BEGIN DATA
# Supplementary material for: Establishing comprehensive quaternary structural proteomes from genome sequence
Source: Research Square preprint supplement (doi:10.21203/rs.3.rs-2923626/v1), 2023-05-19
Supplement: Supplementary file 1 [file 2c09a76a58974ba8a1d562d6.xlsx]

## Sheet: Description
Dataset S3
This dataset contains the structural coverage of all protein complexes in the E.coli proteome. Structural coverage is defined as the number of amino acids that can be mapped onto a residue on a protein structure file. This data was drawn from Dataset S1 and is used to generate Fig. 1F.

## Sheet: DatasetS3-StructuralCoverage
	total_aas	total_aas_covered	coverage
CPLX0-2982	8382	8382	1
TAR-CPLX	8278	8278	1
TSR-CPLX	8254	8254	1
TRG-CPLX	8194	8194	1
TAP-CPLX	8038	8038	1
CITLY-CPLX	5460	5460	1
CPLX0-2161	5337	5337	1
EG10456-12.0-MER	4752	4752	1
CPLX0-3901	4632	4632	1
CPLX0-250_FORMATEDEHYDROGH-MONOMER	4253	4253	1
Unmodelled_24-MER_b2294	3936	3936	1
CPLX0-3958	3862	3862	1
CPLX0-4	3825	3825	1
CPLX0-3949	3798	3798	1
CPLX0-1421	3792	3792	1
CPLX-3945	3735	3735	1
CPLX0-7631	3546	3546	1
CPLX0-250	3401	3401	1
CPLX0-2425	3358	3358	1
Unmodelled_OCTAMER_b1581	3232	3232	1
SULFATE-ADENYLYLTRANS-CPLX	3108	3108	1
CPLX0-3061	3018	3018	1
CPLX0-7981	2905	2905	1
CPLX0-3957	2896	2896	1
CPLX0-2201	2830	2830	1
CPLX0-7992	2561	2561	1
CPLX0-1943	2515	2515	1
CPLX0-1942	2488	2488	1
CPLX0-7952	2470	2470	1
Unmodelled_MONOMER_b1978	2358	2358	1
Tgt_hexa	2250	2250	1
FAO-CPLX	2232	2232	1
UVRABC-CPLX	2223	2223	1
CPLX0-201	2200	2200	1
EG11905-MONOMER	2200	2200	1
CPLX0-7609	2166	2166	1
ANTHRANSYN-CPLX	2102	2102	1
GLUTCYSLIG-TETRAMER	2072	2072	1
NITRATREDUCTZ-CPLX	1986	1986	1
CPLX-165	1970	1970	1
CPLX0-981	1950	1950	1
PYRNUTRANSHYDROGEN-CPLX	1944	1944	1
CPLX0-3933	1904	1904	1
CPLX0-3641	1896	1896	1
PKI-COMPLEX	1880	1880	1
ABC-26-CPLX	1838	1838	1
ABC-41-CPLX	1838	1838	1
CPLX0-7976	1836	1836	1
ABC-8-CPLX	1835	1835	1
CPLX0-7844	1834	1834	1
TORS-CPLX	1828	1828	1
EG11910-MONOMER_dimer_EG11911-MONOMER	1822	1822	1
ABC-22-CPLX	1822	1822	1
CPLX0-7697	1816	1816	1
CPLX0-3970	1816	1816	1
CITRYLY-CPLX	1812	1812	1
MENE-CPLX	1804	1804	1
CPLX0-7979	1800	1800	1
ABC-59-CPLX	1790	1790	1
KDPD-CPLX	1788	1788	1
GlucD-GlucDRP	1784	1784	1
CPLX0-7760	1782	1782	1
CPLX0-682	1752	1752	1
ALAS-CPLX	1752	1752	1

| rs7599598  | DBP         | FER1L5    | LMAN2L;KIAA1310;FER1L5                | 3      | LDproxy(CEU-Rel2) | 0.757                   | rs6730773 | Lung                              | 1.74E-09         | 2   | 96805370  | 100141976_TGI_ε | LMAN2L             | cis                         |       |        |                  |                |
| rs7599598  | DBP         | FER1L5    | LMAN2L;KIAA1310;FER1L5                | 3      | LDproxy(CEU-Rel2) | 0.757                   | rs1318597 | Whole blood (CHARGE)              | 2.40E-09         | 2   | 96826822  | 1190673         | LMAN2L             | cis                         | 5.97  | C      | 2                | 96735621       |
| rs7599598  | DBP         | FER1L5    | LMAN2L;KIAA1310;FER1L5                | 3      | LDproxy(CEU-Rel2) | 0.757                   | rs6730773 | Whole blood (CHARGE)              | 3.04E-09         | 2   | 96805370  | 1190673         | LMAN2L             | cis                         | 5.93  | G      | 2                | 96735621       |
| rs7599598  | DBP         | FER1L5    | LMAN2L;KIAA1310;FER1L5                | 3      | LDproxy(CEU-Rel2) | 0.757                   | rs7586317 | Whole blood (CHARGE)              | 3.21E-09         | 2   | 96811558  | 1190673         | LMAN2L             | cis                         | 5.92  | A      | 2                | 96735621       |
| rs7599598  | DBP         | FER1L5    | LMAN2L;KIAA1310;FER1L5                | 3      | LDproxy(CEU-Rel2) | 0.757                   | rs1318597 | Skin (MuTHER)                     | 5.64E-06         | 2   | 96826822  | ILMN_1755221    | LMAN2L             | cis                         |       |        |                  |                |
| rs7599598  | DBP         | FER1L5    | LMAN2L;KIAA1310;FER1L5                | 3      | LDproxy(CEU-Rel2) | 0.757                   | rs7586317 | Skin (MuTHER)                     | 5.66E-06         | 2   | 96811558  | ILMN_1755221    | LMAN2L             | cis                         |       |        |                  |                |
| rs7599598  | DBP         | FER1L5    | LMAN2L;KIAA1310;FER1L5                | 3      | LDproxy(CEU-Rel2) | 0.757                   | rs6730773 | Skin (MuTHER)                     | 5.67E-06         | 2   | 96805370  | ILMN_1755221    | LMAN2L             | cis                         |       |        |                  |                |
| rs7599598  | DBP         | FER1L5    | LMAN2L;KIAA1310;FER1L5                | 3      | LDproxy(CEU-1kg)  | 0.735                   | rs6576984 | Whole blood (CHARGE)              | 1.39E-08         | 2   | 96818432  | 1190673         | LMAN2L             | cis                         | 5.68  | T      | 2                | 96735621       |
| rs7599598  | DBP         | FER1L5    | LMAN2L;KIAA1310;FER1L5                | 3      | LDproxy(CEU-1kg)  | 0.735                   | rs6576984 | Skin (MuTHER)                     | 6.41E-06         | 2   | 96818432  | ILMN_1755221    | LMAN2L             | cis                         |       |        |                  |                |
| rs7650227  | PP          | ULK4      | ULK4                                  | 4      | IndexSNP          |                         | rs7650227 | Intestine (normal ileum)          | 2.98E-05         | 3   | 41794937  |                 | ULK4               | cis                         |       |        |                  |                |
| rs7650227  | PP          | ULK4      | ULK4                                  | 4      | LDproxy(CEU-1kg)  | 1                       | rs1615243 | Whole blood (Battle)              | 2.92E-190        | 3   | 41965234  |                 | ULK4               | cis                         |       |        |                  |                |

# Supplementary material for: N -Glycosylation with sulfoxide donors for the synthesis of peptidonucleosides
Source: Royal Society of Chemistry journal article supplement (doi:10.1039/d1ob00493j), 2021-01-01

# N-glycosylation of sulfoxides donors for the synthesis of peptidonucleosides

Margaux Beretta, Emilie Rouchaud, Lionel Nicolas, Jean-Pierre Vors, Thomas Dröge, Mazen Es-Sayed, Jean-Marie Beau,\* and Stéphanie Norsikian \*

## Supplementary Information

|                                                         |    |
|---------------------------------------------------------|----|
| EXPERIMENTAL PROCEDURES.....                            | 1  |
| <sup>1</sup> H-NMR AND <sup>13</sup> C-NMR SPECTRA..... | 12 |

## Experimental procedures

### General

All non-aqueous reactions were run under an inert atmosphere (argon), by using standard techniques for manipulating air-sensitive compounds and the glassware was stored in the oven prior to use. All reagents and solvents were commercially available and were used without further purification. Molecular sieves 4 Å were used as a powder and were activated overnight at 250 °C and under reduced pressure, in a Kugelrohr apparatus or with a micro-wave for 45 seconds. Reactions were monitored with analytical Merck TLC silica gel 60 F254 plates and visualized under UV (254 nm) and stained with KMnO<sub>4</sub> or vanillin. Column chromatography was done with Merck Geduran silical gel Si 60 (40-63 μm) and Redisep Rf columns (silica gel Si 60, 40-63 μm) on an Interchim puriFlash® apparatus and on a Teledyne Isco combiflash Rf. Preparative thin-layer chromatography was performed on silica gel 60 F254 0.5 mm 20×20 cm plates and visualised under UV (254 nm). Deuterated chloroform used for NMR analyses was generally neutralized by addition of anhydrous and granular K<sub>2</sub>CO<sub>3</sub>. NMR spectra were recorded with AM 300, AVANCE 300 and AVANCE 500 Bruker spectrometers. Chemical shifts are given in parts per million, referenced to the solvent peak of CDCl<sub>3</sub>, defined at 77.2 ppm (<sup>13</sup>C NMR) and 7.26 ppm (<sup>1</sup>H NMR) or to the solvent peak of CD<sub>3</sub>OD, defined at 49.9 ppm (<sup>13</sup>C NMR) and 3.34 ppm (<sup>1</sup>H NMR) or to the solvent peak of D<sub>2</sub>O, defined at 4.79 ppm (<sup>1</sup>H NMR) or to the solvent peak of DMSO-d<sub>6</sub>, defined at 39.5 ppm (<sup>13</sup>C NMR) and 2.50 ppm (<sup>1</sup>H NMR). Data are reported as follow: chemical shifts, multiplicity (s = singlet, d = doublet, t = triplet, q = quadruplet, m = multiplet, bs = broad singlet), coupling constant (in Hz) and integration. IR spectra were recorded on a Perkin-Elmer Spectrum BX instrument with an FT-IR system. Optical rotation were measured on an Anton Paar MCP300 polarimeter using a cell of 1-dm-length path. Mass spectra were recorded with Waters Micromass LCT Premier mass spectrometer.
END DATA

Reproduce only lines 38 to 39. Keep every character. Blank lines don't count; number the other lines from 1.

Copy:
Unmodelled_MONOMER_b1978	2358	2358	1
Tgt_hexa	2250	2250	1